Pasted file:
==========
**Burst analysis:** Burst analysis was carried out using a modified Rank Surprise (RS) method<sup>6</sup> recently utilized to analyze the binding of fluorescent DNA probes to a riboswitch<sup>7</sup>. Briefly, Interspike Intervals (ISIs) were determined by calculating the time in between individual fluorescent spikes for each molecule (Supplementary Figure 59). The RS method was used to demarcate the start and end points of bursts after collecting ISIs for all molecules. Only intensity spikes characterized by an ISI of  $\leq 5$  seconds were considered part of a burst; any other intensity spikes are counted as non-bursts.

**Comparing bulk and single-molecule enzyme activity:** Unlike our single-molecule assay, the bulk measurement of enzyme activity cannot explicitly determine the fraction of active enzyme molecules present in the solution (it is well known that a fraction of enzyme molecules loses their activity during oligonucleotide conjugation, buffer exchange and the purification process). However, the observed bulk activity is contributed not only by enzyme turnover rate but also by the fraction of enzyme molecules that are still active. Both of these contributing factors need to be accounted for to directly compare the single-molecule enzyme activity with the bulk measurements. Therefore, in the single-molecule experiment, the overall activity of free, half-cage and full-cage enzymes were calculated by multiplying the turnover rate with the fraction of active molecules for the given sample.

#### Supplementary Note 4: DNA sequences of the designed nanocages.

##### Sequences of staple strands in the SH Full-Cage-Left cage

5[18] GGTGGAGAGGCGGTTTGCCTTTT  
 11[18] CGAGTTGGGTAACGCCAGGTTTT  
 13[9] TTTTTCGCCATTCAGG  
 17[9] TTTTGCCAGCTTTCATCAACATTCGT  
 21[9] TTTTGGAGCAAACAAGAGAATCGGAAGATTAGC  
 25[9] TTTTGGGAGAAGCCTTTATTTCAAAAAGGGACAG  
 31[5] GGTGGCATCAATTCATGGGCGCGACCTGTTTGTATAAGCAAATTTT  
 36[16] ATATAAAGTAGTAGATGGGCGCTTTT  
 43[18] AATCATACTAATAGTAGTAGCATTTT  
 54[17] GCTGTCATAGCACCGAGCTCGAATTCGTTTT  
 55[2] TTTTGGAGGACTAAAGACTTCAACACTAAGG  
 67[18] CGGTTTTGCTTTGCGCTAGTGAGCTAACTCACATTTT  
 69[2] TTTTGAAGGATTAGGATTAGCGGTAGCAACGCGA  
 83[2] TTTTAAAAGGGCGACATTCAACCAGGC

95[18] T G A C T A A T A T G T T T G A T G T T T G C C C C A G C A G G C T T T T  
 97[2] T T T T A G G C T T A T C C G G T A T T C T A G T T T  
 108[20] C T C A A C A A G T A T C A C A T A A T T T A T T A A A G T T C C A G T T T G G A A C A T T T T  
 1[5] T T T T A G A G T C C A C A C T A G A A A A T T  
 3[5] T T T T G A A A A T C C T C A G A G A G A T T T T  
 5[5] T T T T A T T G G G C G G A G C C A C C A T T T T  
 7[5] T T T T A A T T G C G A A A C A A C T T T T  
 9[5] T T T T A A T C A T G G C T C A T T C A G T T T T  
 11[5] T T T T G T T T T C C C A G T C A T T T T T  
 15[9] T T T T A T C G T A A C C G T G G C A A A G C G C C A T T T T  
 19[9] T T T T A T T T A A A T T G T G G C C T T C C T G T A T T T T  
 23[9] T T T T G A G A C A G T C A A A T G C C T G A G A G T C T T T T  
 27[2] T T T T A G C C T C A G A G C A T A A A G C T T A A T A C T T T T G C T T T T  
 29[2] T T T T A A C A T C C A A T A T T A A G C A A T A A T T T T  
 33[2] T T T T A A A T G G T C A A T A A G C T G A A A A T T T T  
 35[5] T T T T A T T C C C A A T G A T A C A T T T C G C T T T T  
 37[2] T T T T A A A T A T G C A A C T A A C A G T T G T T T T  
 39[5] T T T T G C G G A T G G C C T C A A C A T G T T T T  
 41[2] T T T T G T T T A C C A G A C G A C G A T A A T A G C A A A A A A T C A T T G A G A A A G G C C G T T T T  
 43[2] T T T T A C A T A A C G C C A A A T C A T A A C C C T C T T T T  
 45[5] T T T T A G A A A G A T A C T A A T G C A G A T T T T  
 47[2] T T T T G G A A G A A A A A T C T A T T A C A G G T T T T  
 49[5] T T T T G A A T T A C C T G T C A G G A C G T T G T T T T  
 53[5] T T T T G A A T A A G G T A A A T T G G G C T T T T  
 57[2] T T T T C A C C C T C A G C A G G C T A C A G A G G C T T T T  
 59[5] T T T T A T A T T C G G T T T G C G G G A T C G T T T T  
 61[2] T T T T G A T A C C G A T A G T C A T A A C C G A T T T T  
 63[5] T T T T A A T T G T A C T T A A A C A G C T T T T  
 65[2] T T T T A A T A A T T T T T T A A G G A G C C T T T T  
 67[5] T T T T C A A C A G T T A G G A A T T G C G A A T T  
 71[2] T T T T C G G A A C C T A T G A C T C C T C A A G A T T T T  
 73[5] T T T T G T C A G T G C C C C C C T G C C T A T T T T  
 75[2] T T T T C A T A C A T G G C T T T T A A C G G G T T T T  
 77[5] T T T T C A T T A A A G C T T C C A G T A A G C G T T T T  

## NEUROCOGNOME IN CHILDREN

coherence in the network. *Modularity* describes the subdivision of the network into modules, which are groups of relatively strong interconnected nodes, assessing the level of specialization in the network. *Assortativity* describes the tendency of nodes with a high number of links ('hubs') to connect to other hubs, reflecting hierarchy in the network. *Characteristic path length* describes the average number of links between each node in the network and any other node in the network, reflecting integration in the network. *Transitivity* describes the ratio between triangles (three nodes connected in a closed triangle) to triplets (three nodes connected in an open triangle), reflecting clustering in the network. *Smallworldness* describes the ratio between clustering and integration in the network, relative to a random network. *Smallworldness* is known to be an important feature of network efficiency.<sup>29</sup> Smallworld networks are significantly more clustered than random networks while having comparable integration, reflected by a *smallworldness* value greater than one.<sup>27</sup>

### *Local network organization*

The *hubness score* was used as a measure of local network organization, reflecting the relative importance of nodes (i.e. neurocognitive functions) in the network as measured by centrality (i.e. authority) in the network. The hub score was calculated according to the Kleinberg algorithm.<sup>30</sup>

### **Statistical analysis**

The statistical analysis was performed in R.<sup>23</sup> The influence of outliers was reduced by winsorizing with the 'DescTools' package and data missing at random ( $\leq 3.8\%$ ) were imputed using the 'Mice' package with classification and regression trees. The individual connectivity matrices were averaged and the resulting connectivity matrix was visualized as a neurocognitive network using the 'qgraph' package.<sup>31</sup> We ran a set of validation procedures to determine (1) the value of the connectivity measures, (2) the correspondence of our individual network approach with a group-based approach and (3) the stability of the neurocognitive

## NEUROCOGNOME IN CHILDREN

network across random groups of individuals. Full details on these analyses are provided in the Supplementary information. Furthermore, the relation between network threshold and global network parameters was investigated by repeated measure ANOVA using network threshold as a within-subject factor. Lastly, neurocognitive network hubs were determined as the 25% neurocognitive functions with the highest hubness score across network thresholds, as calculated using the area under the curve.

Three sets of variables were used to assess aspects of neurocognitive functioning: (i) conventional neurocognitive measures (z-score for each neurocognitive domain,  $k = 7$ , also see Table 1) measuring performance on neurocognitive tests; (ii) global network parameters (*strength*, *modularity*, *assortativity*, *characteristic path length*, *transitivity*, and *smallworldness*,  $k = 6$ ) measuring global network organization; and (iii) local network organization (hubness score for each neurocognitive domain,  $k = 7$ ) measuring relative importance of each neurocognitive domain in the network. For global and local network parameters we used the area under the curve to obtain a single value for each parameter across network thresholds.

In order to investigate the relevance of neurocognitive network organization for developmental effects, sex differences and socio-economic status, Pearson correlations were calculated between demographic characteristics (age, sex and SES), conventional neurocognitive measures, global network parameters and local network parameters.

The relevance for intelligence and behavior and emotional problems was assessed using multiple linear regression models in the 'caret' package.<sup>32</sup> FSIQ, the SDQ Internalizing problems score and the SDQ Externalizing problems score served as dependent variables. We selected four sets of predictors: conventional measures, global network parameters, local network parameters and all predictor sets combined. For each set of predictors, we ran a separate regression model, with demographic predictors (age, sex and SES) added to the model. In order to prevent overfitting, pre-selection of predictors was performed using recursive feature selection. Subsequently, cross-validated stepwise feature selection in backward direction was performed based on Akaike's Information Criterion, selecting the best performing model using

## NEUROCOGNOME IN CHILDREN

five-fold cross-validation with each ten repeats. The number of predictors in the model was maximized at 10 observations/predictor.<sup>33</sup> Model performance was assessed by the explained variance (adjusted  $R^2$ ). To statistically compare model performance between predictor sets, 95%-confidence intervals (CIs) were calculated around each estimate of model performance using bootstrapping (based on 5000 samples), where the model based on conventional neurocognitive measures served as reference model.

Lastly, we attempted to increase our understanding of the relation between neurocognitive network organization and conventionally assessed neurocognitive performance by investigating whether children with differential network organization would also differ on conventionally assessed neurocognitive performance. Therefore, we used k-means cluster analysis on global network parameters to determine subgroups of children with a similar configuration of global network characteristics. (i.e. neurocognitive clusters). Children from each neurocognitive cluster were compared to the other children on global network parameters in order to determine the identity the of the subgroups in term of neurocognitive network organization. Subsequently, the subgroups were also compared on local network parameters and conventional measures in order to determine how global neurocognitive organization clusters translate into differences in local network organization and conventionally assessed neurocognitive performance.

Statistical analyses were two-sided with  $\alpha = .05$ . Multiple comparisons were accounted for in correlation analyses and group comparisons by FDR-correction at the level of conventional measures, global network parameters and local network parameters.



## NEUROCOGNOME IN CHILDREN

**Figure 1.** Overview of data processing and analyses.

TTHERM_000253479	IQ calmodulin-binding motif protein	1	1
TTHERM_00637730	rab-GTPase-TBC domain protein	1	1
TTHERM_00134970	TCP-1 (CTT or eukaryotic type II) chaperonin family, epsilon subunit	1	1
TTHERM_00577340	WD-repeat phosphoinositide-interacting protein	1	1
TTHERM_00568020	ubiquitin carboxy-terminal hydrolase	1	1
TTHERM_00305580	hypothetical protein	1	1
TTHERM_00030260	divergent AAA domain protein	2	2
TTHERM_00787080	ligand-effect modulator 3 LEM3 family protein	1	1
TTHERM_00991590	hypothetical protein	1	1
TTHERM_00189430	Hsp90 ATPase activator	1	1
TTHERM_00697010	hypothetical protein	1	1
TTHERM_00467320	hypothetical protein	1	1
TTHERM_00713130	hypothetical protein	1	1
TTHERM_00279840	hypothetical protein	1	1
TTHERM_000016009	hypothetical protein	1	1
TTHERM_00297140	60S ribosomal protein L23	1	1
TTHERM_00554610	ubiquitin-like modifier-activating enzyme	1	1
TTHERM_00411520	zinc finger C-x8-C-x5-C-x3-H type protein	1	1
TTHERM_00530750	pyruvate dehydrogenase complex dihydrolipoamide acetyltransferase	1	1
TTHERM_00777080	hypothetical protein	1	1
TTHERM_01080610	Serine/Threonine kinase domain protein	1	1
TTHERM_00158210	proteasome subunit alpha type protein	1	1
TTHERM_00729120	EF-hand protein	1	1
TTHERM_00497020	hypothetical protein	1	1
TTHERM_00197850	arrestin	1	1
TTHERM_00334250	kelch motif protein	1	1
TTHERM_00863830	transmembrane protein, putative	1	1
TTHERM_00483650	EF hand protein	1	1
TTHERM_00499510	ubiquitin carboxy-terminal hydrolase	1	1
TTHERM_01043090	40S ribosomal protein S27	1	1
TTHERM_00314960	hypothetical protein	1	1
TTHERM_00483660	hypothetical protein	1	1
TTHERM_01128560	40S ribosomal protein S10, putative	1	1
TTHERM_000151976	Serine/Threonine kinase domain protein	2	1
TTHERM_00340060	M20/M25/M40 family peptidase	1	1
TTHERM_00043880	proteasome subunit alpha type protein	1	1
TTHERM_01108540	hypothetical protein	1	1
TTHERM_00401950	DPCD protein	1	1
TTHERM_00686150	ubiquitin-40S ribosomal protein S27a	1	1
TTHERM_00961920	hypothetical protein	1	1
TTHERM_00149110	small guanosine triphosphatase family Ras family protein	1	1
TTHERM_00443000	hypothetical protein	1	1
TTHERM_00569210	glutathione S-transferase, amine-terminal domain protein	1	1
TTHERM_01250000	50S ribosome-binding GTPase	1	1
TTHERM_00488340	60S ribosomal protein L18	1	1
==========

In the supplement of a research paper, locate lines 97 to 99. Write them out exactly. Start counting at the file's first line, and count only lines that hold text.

TTHERM_00483650	EF hand protein	1	1
TTHERM_00499510	ubiquitin carboxy-terminal hydrolase	1	1
TTHERM_01043090	40S ribosomal protein S27	1	1